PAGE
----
Tj Singh (22) Recently graduated in law from Caledonian University and has mixed feelings about teaching.

There's a lot that wouldn't appeal to me, like what we did to our teachers - never listening, mucking about, throwing rubbers and stuff. I wouldn't like that done to me.

"I wouldn't mind looking after younger kids because they'd be more controllable. But then if they're too young they start crying.

"What appeals is the chance to leave behind a legacy of my own ideals and thoughts, beliefs and perceptions.

"I'm not sure about the money. What do teachers get paid?" Aimi Tuckwell (21) Recently graduated in psychology from Queen Margaret University College, Edinburgh, and would like to go into teaching.

I've been working with a wee autistic boy on a behavioural modification programme from America. It may be expanding over here, so there's a possibility of a job with them. I'd like that.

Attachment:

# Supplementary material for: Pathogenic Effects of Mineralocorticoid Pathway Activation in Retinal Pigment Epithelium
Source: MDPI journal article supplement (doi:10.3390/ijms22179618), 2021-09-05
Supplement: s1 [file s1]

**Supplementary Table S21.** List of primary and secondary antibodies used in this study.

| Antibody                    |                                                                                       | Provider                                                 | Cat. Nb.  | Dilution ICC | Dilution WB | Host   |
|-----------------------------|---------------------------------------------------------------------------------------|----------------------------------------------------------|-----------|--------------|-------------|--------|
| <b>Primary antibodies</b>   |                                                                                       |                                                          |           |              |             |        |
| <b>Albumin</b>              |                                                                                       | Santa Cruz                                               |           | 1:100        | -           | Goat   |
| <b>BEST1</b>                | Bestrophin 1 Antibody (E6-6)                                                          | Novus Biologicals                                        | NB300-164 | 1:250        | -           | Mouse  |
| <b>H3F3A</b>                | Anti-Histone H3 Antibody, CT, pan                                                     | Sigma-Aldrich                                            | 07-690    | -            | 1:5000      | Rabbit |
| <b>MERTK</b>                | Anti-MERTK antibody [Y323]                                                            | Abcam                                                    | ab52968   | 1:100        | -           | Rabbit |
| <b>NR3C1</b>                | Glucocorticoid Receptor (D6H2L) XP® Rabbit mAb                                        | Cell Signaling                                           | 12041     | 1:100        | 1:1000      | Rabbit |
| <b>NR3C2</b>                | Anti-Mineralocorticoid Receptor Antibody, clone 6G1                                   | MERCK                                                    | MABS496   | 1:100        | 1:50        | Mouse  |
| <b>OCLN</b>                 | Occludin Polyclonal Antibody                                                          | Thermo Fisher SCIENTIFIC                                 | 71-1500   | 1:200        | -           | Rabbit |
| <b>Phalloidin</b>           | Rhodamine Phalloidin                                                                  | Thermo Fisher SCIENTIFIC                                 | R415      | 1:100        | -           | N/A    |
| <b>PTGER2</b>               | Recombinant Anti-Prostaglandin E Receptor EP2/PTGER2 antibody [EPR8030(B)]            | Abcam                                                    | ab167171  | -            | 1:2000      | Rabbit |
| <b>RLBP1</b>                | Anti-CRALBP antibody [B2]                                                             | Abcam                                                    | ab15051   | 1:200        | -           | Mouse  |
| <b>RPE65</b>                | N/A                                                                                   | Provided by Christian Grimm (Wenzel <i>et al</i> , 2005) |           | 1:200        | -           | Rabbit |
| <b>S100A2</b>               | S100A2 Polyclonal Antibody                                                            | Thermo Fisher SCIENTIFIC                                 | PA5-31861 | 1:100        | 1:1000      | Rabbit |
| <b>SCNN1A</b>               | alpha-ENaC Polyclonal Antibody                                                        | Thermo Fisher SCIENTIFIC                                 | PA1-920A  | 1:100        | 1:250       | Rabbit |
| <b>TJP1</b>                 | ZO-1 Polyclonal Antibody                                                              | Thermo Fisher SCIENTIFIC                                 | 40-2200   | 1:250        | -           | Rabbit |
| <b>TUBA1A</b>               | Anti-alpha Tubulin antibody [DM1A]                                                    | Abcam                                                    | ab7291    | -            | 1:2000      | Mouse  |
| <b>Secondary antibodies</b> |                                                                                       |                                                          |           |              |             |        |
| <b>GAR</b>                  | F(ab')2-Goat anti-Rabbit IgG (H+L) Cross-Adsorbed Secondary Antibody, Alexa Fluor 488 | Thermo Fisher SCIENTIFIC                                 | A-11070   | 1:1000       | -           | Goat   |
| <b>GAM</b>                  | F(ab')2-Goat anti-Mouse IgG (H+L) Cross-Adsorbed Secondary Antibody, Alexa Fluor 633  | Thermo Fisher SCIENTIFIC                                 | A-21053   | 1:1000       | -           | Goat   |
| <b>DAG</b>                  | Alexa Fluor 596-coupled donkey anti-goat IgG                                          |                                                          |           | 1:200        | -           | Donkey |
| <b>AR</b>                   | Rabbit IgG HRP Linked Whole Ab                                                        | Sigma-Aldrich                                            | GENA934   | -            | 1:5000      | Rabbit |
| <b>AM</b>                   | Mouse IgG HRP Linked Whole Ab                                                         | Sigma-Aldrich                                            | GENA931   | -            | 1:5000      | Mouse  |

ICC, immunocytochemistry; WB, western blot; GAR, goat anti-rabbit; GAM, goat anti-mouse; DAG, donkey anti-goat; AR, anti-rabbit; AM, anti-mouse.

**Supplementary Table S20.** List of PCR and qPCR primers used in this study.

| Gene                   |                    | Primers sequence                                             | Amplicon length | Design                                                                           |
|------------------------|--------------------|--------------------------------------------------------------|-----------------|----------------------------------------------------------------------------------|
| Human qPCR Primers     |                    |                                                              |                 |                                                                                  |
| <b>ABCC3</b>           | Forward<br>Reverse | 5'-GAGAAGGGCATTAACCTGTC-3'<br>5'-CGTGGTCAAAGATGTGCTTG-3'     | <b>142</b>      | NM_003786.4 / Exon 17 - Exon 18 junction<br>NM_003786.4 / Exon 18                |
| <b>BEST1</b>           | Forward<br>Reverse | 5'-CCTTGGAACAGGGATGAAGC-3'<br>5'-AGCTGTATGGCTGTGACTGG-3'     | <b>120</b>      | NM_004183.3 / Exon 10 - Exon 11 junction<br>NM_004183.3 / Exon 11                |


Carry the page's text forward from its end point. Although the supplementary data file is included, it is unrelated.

"I've always been interested in teaching. I know the money's not the best but that wouldn't put me off. I've just done a four-year degree course, though, and don't know if I want to start right back into the whole study thing."


* Natalie Grant (22) Has graduated in psychology from St Andrews University and is uncertain about her future.

I'm just off to Romania for a month, teaching English as a foreign language, but after that I'm not sure. I did tutoring at the high school in St Andrews and special needs babysitting. And I learned sign language, which was great. So I love the whole teaching thing and working with kids.

"But when I was at school some of us - not me, I was the quiet one - were horrible to the teachers. I think that would make me go home and cry.

"We had one history teacher who was amazing. He put in so much effort and we all got such good grades. But he took a lot of abuse and he got paid rubbish to come in when he'd been up late doing handouts to help us get a good start in life.